‘I’ve never seen her come out of surgery as well as she has on this one,” says Denis Edroff, on the phone from the Mayo Clinic.
Imagine being a dad saying that about your teenage daughter, as though surgery were an everyday occurrence — which, for Jeneece Edroff, it almost is.
Victoria’s best-known teenager had her long-awaited operation at the Rochester, Minnesota, clinic on Friday. Doctors removed a tumour from the upper part of her right leg. She emerged from anesthesia asking for ice cubes on a day that began with a hotel-to-hospital trip through a thick blanket of fresh snow.
“She’s happy,” her father said afterward. “She’s basically out of pain, which has never happened before, after surgery.”
Pain has been a constant companion for Jeneece. Friday’s 11Ú2-hour operation was her 16th, just another hurdle in a race with no end in sight. Neurofibromatosis, the condition with which she was diagnosed at age three, means a life of dealing with fibrous tumours growing on nerve pathways.
Nine of those surgeries have been to her back. Two rods travel the length of her spine, held in place by 40 screws. Three more screws run through her hips. She has endured chemotherapy, fought tumours with thalidomide. Her four-foot-10 frame has absorbed a lot of agony.
It would be enough to make many of us surrender, but Jeneece has famously turned her affliction into a commodity, her name into a brand associated with good works.
At age seven, she launched a penny drive at Northridge Elementary School, raising $164 for the Variety Club, which had bought her a body brace. When the next year’s Variety Show of Hearts Telethon rolled around, her coin campaign had pulled in $27,000.
Today, more than $8 million has been raised for charity in her name. Jeneece Place, a home away from home for out-of-town families with children getting hospital care in Victoria, marked its first anniversary Jan. 20, the day Jeneece turned 19.
It punctuated a yo-yo of a year for her, a series of ups and downs. She graduated from Claremont Secondary last spring, earned a surprise trip to Hawaii this month courtesy of the reality show Operation: Vacation!, did a star turn on last weekend’s Variety Club telethon before flying off to Minnesota. She was also rocked with the news that she might need surgery that would cost her the use of her legs; that proved untrue. Late in 2012, leukemia claimed a close friend from Camp Goodtimes, the Canadian Cancer Society oasis that Jeneece thinks of as a home.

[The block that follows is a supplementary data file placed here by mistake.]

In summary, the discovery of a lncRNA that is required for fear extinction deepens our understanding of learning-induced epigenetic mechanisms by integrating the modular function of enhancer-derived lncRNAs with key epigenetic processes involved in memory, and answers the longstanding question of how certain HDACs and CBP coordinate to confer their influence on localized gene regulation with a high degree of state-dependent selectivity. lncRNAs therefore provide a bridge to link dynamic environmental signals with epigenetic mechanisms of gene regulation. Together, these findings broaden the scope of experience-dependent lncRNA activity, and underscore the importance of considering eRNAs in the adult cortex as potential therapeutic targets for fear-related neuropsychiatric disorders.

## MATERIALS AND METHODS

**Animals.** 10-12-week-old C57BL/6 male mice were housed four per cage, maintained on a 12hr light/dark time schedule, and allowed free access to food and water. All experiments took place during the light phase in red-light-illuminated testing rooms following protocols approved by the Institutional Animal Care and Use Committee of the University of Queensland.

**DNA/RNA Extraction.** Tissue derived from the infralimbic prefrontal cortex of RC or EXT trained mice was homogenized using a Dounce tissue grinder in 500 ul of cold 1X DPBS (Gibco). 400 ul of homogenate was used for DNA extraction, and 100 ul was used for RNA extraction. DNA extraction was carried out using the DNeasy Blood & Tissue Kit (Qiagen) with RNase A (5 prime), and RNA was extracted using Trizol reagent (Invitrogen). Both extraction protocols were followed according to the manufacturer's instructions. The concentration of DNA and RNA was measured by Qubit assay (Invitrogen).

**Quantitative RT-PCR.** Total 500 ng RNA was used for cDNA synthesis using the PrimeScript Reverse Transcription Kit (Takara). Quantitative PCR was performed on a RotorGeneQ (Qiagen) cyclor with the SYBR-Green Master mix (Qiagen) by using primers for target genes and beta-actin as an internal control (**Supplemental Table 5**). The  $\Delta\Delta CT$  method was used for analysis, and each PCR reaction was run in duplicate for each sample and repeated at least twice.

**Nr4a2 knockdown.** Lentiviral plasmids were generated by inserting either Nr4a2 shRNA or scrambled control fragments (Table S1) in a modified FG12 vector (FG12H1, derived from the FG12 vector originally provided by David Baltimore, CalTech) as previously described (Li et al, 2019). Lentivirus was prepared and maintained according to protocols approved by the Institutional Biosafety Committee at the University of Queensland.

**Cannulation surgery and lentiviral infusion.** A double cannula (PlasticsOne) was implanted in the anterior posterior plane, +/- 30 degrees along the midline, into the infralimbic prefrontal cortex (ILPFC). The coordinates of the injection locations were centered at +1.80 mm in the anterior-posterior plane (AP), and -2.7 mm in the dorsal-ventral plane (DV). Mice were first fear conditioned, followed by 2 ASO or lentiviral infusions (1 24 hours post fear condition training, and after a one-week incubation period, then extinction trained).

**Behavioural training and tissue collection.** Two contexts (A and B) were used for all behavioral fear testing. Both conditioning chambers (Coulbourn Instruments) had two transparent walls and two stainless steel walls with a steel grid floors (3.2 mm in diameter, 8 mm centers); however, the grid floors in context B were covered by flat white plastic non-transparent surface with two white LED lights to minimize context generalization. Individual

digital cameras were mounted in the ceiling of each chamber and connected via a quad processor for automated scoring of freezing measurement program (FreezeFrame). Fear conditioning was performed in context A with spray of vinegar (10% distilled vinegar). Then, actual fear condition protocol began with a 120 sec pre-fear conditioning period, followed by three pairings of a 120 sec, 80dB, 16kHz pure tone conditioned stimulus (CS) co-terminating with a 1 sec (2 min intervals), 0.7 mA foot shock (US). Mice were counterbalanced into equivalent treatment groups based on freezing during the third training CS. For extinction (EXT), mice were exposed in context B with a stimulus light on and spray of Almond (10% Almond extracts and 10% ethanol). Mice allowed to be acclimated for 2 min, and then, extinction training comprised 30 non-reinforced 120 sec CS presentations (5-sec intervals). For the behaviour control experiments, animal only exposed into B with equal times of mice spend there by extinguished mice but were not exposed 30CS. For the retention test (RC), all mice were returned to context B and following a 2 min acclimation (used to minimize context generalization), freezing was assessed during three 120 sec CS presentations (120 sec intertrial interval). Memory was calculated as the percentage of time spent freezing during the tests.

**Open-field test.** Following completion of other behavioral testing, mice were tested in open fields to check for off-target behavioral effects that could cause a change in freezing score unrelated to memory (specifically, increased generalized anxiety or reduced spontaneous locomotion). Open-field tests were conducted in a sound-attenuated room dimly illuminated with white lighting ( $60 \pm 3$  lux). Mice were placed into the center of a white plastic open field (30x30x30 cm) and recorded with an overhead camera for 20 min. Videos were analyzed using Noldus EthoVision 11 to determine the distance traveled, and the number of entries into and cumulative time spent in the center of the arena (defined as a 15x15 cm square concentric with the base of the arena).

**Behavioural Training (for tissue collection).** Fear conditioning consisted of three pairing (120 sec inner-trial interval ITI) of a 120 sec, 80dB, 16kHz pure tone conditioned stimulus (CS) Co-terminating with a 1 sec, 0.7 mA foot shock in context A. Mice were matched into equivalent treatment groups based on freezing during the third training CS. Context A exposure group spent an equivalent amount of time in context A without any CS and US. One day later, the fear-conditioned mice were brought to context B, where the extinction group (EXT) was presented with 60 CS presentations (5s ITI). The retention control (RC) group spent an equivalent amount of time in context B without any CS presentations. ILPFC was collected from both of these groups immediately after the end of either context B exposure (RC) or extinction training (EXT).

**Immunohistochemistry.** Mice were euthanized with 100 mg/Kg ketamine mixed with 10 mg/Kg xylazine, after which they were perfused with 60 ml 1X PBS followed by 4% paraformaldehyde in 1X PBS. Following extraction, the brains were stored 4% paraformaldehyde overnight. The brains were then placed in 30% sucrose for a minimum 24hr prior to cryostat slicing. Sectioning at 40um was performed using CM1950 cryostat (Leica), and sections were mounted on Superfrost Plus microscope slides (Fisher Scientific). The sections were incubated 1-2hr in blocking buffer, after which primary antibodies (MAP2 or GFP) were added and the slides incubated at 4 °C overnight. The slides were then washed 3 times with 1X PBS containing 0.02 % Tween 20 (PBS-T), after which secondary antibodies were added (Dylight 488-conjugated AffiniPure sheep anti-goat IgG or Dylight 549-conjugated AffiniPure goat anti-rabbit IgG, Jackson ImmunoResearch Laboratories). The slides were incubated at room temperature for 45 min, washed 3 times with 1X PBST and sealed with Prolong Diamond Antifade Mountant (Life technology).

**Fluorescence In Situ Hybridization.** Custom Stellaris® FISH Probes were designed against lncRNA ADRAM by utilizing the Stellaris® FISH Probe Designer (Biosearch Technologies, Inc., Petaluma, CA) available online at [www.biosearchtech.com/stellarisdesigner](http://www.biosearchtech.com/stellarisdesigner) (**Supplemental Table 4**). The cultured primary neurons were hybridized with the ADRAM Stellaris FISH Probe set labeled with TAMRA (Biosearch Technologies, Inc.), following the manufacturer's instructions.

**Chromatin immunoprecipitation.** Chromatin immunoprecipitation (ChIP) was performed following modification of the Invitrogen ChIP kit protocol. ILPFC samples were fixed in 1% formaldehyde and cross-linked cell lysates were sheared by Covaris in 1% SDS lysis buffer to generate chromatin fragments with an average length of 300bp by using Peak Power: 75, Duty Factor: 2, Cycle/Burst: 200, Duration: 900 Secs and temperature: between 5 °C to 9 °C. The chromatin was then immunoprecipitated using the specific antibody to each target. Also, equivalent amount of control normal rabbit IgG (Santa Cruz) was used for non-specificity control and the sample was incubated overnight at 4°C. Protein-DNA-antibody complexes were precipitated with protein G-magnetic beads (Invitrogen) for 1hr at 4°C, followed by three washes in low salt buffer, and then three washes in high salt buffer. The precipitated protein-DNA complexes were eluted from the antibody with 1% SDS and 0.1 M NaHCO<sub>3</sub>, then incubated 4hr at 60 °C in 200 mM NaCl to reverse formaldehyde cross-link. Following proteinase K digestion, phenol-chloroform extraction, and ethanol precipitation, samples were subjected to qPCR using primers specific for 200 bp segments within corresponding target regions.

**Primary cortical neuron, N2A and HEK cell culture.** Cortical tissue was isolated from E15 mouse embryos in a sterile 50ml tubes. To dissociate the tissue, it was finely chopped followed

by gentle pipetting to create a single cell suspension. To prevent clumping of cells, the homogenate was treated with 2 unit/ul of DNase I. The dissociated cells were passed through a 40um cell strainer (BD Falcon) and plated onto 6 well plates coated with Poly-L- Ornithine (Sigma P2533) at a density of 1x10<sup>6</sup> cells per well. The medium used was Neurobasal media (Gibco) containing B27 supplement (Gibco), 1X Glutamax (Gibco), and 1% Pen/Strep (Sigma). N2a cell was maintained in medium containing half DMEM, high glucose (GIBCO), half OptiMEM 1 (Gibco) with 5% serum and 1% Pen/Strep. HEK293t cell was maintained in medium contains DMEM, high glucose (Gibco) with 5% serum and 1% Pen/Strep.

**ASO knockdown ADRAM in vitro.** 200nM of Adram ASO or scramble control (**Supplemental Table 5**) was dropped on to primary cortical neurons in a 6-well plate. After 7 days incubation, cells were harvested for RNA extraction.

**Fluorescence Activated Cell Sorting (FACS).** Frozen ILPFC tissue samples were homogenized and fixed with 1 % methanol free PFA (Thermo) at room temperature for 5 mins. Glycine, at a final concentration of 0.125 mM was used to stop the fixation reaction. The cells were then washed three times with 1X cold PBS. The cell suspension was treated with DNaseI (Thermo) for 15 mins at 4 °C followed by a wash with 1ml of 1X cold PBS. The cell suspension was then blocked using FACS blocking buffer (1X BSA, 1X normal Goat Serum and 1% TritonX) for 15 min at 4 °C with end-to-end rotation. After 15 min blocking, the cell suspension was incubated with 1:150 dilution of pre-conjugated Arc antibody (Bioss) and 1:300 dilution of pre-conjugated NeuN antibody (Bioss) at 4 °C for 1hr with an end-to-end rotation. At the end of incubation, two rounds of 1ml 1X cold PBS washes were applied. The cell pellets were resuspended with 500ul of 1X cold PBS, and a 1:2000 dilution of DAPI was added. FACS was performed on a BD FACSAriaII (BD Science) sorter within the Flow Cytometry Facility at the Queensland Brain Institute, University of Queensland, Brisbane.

All this took place in public. Islanders are invested in Jeneece, think of her as their own; strangers will hug her without asking, not realizing how much it hurts.
She has grown up in a glare, meaning she cannot mess up in private like other kids.
“I want to act like a normal teen, but I can’t,” she said when turning 16 in 2010, the year she became the youngest person named to the Order of B.C.
“It has been quite a life for her,” her dad said Friday.
Jeneece, mom Angie Edroff and dad Denis are scheduled to stay in Minnesota until March 4. She has an MRI scheduled for next Friday; doctors want a look at her kidneys.
Who will pay for all this is still uncertain. What will be covered by the B.C. health-care system and what will be drawn from a fund raised by the community remains to be worked out.
Where she goes from here, who knows? Fame doesn’t mean storybook endings, and it certainly doesn’t mean freedom from pain.
Jeneece has her dreams, though. She talks about a second Jeneece Place and a pediatric oncology unit that would allow Vancouver Island families of children with cancer to spend more time at home and less in Vancouver. Jeneece looks up and sees skies, not ceilings.
“On the road to recovery,” she wrote on her Facebook page after surgery. Friday was a good day.
© Copyright 2013